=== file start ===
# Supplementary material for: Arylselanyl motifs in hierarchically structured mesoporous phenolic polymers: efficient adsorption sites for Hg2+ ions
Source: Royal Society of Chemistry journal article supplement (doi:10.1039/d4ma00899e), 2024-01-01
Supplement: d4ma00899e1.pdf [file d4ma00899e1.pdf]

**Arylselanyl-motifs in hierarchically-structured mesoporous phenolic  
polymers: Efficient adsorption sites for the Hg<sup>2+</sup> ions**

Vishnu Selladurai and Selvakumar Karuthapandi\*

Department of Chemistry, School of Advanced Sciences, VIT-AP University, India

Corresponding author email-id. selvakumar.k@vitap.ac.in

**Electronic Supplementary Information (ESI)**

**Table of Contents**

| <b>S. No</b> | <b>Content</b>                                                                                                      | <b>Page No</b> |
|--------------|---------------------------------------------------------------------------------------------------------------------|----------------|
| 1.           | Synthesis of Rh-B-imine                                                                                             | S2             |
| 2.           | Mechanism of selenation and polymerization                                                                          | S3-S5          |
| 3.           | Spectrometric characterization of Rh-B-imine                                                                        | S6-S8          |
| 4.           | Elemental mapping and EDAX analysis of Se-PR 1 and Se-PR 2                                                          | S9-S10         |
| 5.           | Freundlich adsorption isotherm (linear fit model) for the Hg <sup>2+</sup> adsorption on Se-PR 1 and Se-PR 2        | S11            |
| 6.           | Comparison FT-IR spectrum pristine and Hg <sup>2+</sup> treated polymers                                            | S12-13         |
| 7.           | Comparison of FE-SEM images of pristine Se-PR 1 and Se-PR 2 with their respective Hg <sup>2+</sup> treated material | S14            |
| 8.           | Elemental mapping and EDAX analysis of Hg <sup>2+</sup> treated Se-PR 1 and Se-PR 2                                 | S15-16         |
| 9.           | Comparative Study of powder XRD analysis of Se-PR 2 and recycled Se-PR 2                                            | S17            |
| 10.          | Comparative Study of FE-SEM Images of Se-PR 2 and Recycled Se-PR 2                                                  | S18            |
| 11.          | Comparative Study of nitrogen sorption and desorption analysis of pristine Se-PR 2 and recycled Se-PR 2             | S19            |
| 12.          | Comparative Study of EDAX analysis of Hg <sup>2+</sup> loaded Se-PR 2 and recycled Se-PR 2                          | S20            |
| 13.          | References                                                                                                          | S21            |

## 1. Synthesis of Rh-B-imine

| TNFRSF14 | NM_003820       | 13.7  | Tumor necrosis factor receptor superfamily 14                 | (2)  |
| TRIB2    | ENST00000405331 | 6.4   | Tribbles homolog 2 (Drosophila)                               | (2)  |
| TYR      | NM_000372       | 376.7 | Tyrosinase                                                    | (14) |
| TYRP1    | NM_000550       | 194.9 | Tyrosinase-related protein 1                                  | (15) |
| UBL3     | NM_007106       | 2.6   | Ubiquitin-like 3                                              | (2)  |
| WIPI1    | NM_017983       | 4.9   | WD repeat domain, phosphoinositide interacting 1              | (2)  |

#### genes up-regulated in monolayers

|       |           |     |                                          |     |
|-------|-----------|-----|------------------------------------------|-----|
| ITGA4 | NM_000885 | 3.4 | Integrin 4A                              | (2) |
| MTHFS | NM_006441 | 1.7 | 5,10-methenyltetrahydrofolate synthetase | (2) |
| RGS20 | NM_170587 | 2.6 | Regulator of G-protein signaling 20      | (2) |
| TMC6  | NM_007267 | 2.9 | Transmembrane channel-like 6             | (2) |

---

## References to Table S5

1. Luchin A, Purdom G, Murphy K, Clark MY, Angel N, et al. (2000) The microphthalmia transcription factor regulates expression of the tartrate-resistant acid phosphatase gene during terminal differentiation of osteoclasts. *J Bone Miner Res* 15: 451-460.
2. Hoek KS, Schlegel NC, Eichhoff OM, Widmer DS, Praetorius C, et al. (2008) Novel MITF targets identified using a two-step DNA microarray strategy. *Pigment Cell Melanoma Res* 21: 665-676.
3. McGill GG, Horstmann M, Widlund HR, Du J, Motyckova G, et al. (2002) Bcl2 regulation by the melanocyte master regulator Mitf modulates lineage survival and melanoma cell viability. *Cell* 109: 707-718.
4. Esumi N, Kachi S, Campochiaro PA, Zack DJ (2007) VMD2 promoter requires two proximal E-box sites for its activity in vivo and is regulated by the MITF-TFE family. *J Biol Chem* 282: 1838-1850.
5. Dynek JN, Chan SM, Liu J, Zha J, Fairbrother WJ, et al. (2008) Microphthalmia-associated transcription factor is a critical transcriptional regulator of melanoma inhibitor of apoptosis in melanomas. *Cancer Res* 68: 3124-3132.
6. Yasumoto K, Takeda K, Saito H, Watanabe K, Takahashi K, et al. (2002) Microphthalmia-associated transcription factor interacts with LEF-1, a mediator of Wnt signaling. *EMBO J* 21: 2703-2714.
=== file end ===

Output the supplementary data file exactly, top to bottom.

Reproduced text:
# Supplementary material for: Arylselanyl motifs in hierarchically structured mesoporous phenolic polymers: efficient adsorption sites for Hg2+ ions
Source: Royal Society of Chemistry journal article supplement (doi:10.1039/d4ma00899e), 2024-01-01
Supplement: d4ma00899e1.pdf [file d4ma00899e1.pdf]

**Arylselanyl-motifs in hierarchically-structured mesoporous phenolic  
polymers: Efficient adsorption sites for the Hg<sup>2+</sup> ions**

Vishnu Selladurai and Selvakumar Karuthapandi\*

Department of Chemistry, School of Advanced Sciences, VIT-AP University, India

Corresponding author email-id. selvakumar.k@vitap.ac.in

**Electronic Supplementary Information (ESI)**

**Table of Contents**

| <b>S. No</b> | <b>Content</b>                                                                                                      | <b>Page No</b> |
|--------------|---------------------------------------------------------------------------------------------------------------------|----------------|
| 1.           | Synthesis of Rh-B-imine                                                                                             | S2             |
| 2.           | Mechanism of selenation and polymerization                                                                          | S3-S5          |
| 3.           | Spectrometric characterization of Rh-B-imine                                                                        | S6-S8          |
| 4.           | Elemental mapping and EDAX analysis of Se-PR 1 and Se-PR 2                                                          | S9-S10         |
| 5.           | Freundlich adsorption isotherm (linear fit model) for the Hg <sup>2+</sup> adsorption on Se-PR 1 and Se-PR 2        | S11            |
| 6.           | Comparison FT-IR spectrum pristine and Hg <sup>2+</sup> treated polymers                                            | S12-13         |
| 7.           | Comparison of FE-SEM images of pristine Se-PR 1 and Se-PR 2 with their respective Hg <sup>2+</sup> treated material | S14            |
| 8.           | Elemental mapping and EDAX analysis of Hg <sup>2+</sup> treated Se-PR 1 and Se-PR 2                                 | S15-16         |
| 9.           | Comparative Study of powder XRD analysis of Se-PR 2 and recycled Se-PR 2                                            | S17            |
| 10.          | Comparative Study of FE-SEM Images of Se-PR 2 and Recycled Se-PR 2                                                  | S18            |
| 11.          | Comparative Study of nitrogen sorption and desorption analysis of pristine Se-PR 2 and recycled Se-PR 2             | S19            |
| 12.          | Comparative Study of EDAX analysis of Hg <sup>2+</sup> loaded Se-PR 2 and recycled Se-PR 2                          | S20            |
| 13.          | References                                                                                                          | S21            |

## 1. Synthesis of Rh-B-imine

| TNFRSF14 | NM_003820       | 13.7  | Tumor necrosis factor receptor superfamily 14                 | (2)  |
| TRIB2    | ENST00000405331 | 6.4   | Tribbles homolog 2 (Drosophila)                               | (2)  |
| TYR      | NM_000372       | 376.7 | Tyrosinase                                                    | (14) |
| TYRP1    | NM_000550       | 194.9 | Tyrosinase-related protein 1                                  | (15) |
| UBL3     | NM_007106       | 2.6   | Ubiquitin-like 3                                              | (2)  |
| WIPI1    | NM_017983       | 4.9   | WD repeat domain, phosphoinositide interacting 1              | (2)  |

#### genes up-regulated in monolayers

|       |           |     |                                          |     |
|-------|-----------|-----|------------------------------------------|-----|
| ITGA4 | NM_000885 | 3.4 | Integrin 4A                              | (2) |
| MTHFS | NM_006441 | 1.7 | 5,10-methenyltetrahydrofolate synthetase | (2) |
| RGS20 | NM_170587 | 2.6 | Regulator of G-protein signaling 20      | (2) |
| TMC6  | NM_007267 | 2.9 | Transmembrane channel-like 6             | (2) |

---

## References to Table S5

1. Luchin A, Purdom G, Murphy K, Clark MY, Angel N, et al. (2000) The microphthalmia transcription factor regulates expression of the tartrate-resistant acid phosphatase gene during terminal differentiation of osteoclasts. *J Bone Miner Res* 15: 451-460.
2. Hoek KS, Schlegel NC, Eichhoff OM, Widmer DS, Praetorius C, et al. (2008) Novel MITF targets identified using a two-step DNA microarray strategy. *Pigment Cell Melanoma Res* 21: 665-676.
3. McGill GG, Horstmann M, Widlund HR, Du J, Motyckova G, et al. (2002) Bcl2 regulation by the melanocyte master regulator Mitf modulates lineage survival and melanoma cell viability. *Cell* 109: 707-718.
4. Esumi N, Kachi S, Campochiaro PA, Zack DJ (2007) VMD2 promoter requires two proximal E-box sites for its activity in vivo and is regulated by the MITF-TFE family. *J Biol Chem* 282: 1838-1850.
5. Dynek JN, Chan SM, Liu J, Zha J, Fairbrother WJ, et al. (2008) Microphthalmia-associated transcription factor is a critical transcriptional regulator of melanoma inhibitor of apoptosis in melanomas. *Cancer Res* 68: 3124-3132.
6. Yasumoto K, Takeda K, Saito H, Watanabe K, Takahashi K, et al. (2002) Microphthalmia-associated transcription factor interacts with LEF-1, a mediator of Wnt signaling. *EMBO J* 21: 2703-2714.